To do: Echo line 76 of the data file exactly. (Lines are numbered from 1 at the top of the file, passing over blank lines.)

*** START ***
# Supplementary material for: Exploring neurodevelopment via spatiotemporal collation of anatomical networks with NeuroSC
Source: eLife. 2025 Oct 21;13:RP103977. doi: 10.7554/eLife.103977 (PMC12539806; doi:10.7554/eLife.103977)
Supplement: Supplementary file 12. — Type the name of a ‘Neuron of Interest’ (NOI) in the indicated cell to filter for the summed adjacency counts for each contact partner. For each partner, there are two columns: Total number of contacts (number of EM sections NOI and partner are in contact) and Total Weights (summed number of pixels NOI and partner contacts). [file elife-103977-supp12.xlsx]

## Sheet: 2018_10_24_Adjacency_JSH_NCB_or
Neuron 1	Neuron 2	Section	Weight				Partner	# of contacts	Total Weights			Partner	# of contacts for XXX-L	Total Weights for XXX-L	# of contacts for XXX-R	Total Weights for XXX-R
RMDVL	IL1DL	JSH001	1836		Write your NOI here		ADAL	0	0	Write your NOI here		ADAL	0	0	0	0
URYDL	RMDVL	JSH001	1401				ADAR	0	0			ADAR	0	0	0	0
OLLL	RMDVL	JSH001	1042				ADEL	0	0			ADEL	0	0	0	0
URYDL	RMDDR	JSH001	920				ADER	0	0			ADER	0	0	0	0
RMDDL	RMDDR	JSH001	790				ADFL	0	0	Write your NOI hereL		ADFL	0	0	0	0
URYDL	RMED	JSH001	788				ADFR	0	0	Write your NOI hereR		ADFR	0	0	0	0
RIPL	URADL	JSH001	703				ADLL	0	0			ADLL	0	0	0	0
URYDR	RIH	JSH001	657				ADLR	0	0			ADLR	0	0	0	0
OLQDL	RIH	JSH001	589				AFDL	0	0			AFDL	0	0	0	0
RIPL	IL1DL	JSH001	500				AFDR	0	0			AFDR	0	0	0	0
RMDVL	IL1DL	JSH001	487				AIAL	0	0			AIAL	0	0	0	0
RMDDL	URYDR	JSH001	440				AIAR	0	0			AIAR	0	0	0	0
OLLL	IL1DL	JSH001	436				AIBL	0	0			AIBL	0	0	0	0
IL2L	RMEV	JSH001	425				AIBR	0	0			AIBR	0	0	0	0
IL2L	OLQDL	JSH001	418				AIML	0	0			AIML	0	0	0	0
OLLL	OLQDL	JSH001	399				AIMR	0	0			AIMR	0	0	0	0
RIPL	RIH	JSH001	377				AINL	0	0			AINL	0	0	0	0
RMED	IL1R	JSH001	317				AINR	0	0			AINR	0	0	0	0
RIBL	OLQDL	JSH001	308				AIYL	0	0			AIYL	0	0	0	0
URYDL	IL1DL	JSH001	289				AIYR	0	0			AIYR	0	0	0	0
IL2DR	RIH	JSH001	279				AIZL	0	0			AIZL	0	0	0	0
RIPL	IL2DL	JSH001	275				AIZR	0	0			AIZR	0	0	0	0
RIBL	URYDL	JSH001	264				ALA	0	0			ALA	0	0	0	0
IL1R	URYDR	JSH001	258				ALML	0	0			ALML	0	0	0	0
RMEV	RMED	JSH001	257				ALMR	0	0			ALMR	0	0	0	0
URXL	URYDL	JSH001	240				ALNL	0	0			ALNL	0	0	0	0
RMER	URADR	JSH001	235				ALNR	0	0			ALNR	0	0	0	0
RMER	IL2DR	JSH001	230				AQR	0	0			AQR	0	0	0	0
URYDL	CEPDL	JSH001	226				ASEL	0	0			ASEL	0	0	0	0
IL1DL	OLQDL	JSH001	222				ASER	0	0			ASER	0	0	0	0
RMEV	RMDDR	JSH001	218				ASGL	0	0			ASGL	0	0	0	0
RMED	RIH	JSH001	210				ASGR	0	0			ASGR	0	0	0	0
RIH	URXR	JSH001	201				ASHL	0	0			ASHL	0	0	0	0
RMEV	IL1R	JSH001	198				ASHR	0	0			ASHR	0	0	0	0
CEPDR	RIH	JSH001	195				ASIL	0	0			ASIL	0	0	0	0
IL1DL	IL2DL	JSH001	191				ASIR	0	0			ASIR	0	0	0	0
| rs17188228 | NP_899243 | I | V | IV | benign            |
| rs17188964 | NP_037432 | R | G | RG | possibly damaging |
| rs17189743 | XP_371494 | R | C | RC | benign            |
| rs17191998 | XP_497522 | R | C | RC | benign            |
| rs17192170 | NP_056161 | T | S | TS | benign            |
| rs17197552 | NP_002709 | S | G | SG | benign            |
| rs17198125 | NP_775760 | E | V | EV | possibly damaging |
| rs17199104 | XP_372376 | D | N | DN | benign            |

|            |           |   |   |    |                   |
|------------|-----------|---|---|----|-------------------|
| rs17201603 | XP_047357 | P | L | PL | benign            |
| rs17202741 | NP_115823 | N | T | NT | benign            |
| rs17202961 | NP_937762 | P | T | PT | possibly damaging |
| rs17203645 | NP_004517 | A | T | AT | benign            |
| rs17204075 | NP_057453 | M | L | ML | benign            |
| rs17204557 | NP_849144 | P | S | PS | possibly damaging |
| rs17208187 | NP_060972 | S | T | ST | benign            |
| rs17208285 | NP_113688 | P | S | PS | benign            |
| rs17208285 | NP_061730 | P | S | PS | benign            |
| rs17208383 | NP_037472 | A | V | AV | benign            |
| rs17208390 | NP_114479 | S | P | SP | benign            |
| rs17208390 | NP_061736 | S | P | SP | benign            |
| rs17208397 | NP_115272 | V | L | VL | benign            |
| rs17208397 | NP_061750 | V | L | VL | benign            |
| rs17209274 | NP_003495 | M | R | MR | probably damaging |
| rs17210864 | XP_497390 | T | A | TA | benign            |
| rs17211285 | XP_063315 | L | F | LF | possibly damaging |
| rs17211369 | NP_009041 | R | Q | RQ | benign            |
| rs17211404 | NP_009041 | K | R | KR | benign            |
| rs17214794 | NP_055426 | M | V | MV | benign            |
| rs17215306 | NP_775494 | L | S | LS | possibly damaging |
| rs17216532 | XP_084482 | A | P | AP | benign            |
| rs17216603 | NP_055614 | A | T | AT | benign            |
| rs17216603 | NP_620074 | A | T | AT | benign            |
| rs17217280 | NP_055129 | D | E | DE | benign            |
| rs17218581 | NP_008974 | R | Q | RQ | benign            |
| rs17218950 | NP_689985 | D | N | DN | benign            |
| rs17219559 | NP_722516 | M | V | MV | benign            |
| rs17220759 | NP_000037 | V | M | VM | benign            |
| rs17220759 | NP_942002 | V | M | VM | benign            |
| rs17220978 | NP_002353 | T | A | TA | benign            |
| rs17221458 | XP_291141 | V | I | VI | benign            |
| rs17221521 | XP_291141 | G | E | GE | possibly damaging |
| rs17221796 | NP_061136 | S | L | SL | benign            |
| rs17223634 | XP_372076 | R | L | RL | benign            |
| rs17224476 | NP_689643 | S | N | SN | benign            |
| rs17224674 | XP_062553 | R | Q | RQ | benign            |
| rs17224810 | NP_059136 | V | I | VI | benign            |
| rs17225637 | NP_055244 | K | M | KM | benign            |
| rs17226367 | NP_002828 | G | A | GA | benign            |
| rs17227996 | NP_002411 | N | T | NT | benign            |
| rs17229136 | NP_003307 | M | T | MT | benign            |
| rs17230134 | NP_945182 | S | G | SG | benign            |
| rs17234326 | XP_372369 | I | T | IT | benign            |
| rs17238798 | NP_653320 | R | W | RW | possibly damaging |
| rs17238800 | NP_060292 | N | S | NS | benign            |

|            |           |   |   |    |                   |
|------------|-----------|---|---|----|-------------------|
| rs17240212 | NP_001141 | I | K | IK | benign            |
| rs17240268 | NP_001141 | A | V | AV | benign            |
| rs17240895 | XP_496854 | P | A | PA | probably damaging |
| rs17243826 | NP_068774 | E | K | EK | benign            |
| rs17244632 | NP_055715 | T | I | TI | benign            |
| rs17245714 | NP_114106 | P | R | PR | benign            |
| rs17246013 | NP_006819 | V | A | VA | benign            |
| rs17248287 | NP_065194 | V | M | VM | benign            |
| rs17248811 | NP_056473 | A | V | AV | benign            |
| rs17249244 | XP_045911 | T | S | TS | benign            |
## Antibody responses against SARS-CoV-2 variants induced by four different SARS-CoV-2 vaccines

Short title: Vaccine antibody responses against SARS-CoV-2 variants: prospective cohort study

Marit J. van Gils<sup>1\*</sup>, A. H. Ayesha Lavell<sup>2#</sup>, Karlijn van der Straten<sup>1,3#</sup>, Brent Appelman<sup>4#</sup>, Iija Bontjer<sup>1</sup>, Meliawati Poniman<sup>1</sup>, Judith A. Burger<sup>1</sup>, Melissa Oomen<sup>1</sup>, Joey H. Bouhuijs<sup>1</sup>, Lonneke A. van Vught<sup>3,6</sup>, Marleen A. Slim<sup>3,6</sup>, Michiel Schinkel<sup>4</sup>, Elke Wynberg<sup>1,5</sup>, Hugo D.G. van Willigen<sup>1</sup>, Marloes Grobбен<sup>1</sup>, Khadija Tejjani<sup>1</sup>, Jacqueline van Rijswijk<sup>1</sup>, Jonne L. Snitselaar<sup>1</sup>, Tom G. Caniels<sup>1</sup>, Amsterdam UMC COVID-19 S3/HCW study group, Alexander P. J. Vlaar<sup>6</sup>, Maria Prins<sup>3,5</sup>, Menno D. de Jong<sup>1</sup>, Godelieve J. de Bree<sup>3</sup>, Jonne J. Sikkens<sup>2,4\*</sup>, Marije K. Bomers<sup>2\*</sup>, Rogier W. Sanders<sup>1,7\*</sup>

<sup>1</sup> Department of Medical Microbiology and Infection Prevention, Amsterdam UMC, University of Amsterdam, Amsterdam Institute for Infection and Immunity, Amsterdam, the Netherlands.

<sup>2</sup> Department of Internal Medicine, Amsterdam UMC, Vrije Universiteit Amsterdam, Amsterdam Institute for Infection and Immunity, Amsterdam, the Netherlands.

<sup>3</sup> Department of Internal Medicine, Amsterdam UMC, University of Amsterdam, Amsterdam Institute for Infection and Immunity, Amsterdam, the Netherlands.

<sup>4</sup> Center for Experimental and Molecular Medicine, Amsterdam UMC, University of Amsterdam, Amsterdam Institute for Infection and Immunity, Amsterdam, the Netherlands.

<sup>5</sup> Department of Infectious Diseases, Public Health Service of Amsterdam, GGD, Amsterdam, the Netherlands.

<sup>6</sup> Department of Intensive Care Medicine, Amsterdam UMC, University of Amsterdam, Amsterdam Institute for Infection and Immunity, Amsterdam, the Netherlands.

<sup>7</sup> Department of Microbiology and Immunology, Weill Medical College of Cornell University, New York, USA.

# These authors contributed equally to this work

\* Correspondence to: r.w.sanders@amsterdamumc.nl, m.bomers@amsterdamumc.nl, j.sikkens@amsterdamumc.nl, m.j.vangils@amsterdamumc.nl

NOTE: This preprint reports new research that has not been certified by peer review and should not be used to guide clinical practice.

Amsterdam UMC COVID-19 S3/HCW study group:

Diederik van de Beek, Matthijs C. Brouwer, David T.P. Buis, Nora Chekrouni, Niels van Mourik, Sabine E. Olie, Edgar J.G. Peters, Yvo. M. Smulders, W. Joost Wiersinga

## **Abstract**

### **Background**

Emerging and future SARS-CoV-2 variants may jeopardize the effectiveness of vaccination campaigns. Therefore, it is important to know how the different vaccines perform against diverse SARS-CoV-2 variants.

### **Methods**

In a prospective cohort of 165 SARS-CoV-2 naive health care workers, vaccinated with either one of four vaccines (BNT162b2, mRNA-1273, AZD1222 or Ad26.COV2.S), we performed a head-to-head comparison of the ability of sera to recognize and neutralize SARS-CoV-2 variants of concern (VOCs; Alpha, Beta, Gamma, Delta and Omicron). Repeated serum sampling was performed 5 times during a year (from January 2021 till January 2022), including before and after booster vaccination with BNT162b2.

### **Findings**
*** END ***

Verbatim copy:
| rs17217280 | NP_055129 | D | E | DE | benign            |